Trading Journal #4: Risk Management (part 3)

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Note: this post should not form the basis for making investment decisions, nor be construed as financial advice.

In our previous post we discussed using various metrics for evaluating your performance versus the risk you take. So far most of our focus has been on single-sided trades: either you’re long or you’re short, and risk management has boiled down to position sizing and R:R ratios.

There’s much more to risk management, particularly when it comes to portfolio allocation. However, we’re traders first and foremost and as such are not focused on portfolio allocations, balancing, or resizing. We enter trades with a clear set of conditions, and leave the trade once those conditions are met or invalidated.

Another important aspect of risk management is hedging.

Hedging is the act of being exposed to multiple sides of a trade to reduce the risk exposure of a position. One of the simplest examples is holding spot while shorting futures of the same asset. For example, I could be somewhat unsure of what BTC is going to do next, so I decide to hedge: I may already hold some BTC, and then I open a short position such that I am ready for a movement in either direction.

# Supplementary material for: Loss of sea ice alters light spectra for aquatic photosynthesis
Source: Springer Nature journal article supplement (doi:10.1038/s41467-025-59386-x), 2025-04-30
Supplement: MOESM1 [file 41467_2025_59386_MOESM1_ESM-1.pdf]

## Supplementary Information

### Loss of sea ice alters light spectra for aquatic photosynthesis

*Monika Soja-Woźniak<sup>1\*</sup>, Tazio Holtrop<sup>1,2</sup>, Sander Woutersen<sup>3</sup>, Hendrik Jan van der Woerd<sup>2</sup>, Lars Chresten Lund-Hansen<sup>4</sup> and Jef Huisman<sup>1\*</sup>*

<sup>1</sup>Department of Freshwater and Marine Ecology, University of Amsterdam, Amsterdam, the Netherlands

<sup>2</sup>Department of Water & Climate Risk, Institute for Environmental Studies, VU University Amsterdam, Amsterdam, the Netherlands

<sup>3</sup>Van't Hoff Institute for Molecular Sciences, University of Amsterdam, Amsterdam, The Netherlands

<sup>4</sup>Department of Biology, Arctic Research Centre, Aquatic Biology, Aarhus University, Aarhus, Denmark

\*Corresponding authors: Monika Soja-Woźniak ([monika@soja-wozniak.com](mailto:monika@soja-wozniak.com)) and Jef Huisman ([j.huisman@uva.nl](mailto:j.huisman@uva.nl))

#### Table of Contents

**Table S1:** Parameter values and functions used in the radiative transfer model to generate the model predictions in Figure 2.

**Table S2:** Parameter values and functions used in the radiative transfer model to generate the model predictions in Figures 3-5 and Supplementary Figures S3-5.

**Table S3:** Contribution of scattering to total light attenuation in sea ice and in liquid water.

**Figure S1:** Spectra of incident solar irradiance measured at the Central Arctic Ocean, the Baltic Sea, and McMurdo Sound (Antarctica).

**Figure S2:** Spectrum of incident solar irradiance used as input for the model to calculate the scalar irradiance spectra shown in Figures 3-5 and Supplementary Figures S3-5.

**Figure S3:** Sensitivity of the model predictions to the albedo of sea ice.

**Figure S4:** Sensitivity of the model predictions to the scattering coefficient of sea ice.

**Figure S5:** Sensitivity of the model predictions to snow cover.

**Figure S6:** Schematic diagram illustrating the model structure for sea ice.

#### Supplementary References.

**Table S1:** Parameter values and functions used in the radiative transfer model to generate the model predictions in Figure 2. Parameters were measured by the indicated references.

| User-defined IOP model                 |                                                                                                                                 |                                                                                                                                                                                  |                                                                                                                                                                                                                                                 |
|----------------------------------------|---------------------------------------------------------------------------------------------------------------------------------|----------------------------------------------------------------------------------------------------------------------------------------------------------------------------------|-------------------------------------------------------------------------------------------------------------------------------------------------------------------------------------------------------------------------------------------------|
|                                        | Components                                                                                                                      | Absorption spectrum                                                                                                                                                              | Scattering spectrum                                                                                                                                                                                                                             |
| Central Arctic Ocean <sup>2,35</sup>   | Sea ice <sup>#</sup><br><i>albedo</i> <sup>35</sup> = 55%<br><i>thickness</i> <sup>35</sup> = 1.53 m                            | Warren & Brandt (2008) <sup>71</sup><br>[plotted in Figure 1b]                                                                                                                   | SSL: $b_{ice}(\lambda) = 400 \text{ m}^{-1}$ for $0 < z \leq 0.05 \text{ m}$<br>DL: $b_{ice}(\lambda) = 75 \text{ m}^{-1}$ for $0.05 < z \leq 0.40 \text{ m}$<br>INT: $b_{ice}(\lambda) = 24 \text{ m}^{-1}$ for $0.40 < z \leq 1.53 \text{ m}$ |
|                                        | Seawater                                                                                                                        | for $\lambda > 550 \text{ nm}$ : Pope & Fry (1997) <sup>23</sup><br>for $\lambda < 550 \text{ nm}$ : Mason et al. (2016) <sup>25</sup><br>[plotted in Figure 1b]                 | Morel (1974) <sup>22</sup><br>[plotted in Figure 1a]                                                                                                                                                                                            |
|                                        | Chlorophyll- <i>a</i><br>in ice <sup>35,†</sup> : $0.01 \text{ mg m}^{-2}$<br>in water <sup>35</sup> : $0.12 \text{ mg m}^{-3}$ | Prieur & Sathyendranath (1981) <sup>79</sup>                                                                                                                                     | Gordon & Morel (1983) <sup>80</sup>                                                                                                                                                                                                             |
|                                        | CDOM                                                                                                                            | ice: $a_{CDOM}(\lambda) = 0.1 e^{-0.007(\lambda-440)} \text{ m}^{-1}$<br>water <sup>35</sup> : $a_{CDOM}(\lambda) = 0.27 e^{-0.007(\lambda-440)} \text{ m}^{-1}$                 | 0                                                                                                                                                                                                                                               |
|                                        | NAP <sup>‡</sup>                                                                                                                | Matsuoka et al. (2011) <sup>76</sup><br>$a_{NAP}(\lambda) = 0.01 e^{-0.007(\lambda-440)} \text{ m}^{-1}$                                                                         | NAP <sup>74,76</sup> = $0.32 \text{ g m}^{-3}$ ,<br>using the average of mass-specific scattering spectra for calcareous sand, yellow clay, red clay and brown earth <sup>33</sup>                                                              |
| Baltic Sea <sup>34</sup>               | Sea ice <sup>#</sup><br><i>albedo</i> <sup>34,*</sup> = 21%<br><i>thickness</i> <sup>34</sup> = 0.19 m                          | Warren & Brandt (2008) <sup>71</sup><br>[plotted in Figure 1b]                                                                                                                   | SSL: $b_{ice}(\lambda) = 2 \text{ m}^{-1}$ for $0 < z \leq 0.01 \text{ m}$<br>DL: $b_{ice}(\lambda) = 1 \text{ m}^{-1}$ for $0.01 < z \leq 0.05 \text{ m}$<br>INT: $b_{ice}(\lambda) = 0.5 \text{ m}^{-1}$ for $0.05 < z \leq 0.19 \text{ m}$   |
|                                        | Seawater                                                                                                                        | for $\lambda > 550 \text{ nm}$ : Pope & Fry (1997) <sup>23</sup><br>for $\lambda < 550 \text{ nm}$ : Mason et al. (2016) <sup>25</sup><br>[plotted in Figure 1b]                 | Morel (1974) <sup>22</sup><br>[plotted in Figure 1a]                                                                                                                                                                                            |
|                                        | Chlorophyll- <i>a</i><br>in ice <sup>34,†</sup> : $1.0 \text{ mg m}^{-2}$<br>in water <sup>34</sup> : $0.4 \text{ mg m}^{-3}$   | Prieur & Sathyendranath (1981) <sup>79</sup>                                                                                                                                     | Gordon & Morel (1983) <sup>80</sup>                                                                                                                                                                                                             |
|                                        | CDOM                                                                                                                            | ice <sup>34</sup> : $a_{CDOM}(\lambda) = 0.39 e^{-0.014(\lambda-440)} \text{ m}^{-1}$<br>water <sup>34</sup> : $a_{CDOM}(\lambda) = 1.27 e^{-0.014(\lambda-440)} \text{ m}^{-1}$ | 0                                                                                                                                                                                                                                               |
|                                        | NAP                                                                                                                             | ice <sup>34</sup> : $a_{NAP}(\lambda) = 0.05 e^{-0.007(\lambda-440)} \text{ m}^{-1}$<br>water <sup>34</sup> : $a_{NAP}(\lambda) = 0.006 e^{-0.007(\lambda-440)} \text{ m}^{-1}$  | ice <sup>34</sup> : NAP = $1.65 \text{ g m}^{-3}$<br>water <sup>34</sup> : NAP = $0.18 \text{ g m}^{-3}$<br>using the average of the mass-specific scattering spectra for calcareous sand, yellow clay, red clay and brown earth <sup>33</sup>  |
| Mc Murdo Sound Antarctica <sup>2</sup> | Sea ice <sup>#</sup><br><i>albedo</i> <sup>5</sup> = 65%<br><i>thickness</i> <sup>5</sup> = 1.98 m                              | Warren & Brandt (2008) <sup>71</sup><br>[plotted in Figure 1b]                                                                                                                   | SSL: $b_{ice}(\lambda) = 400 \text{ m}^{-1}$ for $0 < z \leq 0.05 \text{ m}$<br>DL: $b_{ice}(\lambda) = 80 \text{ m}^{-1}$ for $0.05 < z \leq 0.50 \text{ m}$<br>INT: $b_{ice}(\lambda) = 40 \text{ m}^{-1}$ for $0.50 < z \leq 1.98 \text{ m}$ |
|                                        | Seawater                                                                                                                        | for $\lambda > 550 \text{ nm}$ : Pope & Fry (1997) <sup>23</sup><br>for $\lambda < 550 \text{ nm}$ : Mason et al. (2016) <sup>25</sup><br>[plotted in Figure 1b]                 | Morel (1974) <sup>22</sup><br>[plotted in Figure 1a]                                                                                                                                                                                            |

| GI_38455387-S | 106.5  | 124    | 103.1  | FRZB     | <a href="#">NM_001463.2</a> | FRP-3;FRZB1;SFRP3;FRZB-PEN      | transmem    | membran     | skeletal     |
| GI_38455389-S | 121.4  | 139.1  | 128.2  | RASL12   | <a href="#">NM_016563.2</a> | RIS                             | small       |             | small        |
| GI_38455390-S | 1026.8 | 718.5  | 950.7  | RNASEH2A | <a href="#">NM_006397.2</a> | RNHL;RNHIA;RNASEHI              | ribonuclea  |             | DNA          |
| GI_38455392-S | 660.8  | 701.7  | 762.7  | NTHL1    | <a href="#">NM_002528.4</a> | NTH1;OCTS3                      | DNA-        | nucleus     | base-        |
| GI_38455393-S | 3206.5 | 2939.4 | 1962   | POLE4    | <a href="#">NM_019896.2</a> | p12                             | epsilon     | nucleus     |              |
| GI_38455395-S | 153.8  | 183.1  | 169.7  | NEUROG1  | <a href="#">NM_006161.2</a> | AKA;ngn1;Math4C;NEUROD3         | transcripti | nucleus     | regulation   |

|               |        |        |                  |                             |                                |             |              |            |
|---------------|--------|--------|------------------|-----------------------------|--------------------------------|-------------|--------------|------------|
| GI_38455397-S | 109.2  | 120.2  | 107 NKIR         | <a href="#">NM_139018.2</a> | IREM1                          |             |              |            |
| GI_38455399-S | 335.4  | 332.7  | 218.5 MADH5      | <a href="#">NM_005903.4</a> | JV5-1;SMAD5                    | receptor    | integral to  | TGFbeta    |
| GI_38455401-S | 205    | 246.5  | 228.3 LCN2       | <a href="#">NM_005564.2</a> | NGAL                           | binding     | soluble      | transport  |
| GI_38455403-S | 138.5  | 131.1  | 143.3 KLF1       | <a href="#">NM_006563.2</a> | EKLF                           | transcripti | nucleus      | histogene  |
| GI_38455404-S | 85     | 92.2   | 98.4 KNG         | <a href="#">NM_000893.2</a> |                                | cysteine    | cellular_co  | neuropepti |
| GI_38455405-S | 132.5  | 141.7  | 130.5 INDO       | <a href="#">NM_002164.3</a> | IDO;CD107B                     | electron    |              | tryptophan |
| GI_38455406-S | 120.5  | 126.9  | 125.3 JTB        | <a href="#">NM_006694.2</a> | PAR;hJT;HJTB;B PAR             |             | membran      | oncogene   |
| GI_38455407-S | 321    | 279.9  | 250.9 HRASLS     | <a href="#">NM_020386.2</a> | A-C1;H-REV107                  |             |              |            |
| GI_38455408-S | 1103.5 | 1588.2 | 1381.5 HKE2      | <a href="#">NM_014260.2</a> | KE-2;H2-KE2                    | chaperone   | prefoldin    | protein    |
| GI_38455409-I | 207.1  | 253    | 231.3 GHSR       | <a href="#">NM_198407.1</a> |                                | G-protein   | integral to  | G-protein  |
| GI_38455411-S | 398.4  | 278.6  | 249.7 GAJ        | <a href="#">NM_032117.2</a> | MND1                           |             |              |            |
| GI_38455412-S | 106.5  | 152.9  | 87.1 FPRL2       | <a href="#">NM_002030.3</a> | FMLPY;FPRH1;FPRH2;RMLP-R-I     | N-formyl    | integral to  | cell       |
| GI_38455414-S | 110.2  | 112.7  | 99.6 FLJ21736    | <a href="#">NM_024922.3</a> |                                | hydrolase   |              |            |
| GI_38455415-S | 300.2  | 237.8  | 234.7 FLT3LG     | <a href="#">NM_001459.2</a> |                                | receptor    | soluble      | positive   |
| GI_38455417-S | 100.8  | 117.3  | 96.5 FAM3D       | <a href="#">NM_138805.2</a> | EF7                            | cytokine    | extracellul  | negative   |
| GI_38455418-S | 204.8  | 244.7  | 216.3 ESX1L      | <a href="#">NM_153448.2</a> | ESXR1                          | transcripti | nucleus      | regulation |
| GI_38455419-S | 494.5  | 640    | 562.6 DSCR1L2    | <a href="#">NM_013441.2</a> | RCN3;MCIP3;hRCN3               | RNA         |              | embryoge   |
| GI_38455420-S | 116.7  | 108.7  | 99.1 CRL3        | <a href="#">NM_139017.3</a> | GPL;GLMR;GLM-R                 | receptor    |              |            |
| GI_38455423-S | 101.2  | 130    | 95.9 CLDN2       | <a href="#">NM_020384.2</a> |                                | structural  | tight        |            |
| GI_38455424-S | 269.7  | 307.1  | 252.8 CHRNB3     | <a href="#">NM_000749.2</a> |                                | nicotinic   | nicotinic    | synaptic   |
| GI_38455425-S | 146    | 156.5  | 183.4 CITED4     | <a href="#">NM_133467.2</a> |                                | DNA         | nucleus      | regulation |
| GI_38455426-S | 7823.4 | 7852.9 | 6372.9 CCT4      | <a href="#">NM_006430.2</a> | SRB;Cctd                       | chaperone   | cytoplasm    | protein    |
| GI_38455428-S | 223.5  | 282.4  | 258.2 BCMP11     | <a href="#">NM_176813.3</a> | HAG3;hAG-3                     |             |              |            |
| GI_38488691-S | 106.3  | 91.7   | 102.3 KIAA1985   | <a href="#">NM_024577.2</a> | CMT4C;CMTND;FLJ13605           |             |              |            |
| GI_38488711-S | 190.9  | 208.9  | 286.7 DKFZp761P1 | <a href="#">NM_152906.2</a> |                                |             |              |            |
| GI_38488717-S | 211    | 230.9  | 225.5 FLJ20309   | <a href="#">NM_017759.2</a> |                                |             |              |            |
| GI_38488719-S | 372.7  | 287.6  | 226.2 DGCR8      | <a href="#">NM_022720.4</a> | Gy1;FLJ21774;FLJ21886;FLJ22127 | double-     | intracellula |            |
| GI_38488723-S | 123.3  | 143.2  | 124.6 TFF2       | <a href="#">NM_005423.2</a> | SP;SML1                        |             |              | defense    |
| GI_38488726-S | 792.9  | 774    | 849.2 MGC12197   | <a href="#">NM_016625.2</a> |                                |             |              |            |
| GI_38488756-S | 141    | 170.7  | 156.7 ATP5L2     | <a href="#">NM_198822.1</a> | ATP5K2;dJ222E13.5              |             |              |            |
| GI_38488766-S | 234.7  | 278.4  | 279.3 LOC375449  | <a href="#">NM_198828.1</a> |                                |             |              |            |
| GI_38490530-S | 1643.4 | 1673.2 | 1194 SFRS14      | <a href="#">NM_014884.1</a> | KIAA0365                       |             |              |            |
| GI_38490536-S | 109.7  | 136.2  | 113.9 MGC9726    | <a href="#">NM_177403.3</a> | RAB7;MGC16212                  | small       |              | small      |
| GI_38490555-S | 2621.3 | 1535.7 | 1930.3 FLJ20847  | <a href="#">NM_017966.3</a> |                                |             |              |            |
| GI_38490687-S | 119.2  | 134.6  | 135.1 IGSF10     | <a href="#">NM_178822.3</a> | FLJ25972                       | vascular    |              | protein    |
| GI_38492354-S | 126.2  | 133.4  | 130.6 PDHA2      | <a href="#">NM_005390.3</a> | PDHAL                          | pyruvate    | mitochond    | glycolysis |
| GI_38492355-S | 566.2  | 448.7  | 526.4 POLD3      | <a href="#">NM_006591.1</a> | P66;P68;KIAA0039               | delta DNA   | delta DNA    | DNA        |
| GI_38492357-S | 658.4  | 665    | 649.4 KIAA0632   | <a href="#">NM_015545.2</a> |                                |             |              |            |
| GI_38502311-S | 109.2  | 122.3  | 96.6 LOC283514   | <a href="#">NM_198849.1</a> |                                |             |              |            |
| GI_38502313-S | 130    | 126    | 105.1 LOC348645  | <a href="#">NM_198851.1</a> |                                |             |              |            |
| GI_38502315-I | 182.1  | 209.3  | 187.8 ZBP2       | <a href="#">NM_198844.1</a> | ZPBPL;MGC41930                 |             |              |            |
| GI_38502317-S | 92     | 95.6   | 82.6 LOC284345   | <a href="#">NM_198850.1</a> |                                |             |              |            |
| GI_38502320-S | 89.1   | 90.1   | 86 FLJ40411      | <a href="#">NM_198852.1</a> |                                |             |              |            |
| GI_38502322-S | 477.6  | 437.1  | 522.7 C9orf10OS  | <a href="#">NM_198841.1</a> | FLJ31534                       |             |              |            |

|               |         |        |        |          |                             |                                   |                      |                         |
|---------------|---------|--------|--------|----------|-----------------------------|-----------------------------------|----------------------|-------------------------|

There’s quite a bit to consider here, so let’s dive in.

Why would we hedge?

Hedging is particularly useful in times of exceptional uncertainty. Maybe an asset you hold is at an all-time high, it’s late in the bull market and nobody knows how much longer the party can continue.

This would be one example of a good time to consider hedging. By continuing to hold your spot position you are ready in case the price continues to rise, but if you simultaneously open a short position with a relatively tight stop-loss, you can minimize the damage to your portfolio should the price suddenly crash.

Hedged positions are rarely open for long periods of time (except when hedging against tail risk). Instead, they often act as counterweights when a position or asset starts moving further and further away from the mean, e.g. a mean reversion is expected in the not-too-distant future.

They are also useful in times of geopolitical uncertainty, such as the recent Russian invasion of Ukraine. A savvy investor would have hedged against soaring oil and natural gas prices before the official invasion date, as price volatility was highly likely should the invasion have actually happened (as it did). Another obvious hedge in hindsight would have been against the spike in grain prices, considering that Russia and Ukraine are huge grain exporters.

Of course, before the invasion ever happened most people were not expecting it to happen, as it seemed near-suicidal on Putin’s part, but here we are. Hindsight is 20:20, but before the invasion a smart investor should have at least been somewhat prepared should the invasion actually happen.

When should we hedge?

There are numerous ways one can hedge against uncertainty, volatility, and black swan events. However, since we’re focused on crypto we will continue to focus on this domain. For example, whenever an asset reaches a new all-time high there’s usually a lot of euphoria — “we’re all geniuses, and we’re going to the moon!” — but as demonstrated recently, new all-time highs can be lost faster than they happen.